24 August 2010

A GRIPping Tale!


You may recall my post regarding my difficulties with Custom Killer Grips. Well, thanks to the power of the internet, I recieved a response from Ray Duldulao. He explained all the difficulties the company was having due to overwhelming demand. I suppose there is such a thing as too much success too soon. His company DOES indeed put out some quality products, so I certainly hope they can overcome their growing pains and continue to bring their offerings to market. Ray offered to make things right with me and offered sincere apologies.
The ying and yang of it is: today I recieved a way cool set of custom rattlesnake skin grips for my beloved Taurus 1911/460 Rowland. The pics just don't do these babies justice! Every Monster Hunter/Action Figure/Hero-type needs a "signature weapon". Conan with his sword, Dirty Harry with his SW29 .44magnum (and later the Automag), Rambo with his M60, so I may well make this my personal carry piece whenever practical. (hey, you STILL have to have the right tool for the job!)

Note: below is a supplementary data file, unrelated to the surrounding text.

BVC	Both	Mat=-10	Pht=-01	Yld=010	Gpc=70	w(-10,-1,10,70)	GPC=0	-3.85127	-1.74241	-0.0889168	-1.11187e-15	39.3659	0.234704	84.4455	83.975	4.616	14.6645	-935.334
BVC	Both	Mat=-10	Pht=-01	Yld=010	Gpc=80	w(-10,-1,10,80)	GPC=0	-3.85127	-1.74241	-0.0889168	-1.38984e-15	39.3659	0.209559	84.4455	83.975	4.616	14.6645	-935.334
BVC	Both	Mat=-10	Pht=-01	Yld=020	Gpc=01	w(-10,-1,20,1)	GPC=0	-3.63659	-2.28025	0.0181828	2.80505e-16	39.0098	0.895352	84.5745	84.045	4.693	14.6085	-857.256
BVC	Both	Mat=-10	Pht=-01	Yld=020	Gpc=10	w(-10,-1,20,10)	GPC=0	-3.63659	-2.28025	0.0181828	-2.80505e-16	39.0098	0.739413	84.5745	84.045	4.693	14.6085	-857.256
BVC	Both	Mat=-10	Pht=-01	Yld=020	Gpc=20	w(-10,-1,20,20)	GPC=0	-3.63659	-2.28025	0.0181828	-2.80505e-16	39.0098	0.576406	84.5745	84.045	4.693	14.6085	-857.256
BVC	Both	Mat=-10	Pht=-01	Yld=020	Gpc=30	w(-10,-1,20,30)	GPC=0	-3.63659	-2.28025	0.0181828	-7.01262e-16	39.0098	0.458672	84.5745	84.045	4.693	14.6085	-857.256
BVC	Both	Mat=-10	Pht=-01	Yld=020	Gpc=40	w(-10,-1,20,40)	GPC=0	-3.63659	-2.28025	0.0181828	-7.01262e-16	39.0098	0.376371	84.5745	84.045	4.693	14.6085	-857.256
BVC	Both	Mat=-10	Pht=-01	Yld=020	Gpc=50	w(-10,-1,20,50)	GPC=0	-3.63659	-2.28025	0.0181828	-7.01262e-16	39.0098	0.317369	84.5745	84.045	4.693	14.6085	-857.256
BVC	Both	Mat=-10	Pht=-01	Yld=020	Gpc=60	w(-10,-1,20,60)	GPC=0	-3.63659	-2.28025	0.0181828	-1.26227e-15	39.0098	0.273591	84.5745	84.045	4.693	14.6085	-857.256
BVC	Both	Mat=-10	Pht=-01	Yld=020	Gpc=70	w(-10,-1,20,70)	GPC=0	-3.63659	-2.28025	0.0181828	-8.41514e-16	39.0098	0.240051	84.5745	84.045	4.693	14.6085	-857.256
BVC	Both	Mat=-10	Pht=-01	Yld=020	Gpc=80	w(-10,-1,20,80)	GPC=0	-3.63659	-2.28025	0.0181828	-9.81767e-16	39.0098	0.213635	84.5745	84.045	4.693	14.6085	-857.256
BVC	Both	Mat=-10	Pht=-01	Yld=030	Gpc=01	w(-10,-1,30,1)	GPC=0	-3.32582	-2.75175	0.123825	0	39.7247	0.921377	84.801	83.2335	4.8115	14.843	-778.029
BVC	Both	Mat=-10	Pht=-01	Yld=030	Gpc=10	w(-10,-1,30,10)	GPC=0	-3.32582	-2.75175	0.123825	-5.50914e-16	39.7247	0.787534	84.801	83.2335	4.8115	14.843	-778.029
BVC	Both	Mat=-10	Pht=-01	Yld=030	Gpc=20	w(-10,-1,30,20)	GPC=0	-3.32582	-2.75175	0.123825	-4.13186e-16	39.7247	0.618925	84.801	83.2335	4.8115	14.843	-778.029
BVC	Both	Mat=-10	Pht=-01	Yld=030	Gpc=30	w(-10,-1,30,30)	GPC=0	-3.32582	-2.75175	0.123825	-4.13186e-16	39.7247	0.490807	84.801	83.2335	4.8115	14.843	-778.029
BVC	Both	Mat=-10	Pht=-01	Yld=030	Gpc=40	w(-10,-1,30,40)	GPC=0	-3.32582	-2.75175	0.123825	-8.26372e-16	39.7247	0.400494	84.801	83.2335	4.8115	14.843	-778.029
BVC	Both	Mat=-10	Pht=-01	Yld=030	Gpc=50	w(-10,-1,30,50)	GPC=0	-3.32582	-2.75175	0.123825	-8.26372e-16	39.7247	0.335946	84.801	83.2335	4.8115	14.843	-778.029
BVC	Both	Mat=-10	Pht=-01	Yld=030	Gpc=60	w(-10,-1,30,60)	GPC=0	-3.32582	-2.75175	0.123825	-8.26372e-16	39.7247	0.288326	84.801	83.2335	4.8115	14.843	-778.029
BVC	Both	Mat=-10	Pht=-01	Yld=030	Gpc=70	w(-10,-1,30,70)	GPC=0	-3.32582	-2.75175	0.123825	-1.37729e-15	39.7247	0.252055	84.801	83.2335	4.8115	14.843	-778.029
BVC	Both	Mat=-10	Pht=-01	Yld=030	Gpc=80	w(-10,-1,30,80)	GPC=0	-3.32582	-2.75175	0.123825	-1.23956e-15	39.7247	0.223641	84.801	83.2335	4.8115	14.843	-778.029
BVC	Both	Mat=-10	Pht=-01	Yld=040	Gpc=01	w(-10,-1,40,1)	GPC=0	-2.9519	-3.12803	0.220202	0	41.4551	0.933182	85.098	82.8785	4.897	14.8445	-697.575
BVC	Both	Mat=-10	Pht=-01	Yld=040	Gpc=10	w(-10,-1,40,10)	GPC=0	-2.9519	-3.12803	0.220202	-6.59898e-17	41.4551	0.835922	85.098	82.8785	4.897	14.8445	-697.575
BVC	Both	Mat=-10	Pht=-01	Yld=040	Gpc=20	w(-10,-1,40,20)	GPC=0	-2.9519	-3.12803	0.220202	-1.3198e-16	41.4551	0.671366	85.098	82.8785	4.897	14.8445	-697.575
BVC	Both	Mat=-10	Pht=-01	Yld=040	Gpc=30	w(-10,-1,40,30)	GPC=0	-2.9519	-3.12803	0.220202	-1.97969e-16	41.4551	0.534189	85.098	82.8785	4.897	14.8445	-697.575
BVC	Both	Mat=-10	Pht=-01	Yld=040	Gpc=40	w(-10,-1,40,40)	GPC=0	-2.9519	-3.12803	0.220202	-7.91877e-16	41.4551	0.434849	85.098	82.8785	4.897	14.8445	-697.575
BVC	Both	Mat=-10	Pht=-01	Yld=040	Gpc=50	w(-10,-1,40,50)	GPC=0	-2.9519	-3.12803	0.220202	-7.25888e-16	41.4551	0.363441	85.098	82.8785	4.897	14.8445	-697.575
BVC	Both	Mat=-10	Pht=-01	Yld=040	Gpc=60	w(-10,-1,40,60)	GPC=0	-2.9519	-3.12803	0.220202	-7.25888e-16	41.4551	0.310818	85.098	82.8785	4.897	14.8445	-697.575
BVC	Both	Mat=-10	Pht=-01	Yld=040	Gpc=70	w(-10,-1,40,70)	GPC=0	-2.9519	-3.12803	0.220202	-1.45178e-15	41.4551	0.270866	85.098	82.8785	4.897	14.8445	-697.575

So, I'm happy now! Well, sorta. Now the rest of the pistol looks a bit too plain! I reblued it myself to get rid of the bright "Taurus billboard" on the slide. (yeah, I can give myself a "blue-job"!) But now I'm thinking it really needs a deep, polished blue, maybe some polished stainless accent pieces, then I'll need to find a snakeskin belt/holster combo, maybe a rattlesnake jacket, a pair of pointy-toed snakeskin boots, one of those cool rattlesnake cowboy hats with a snake head on the brim...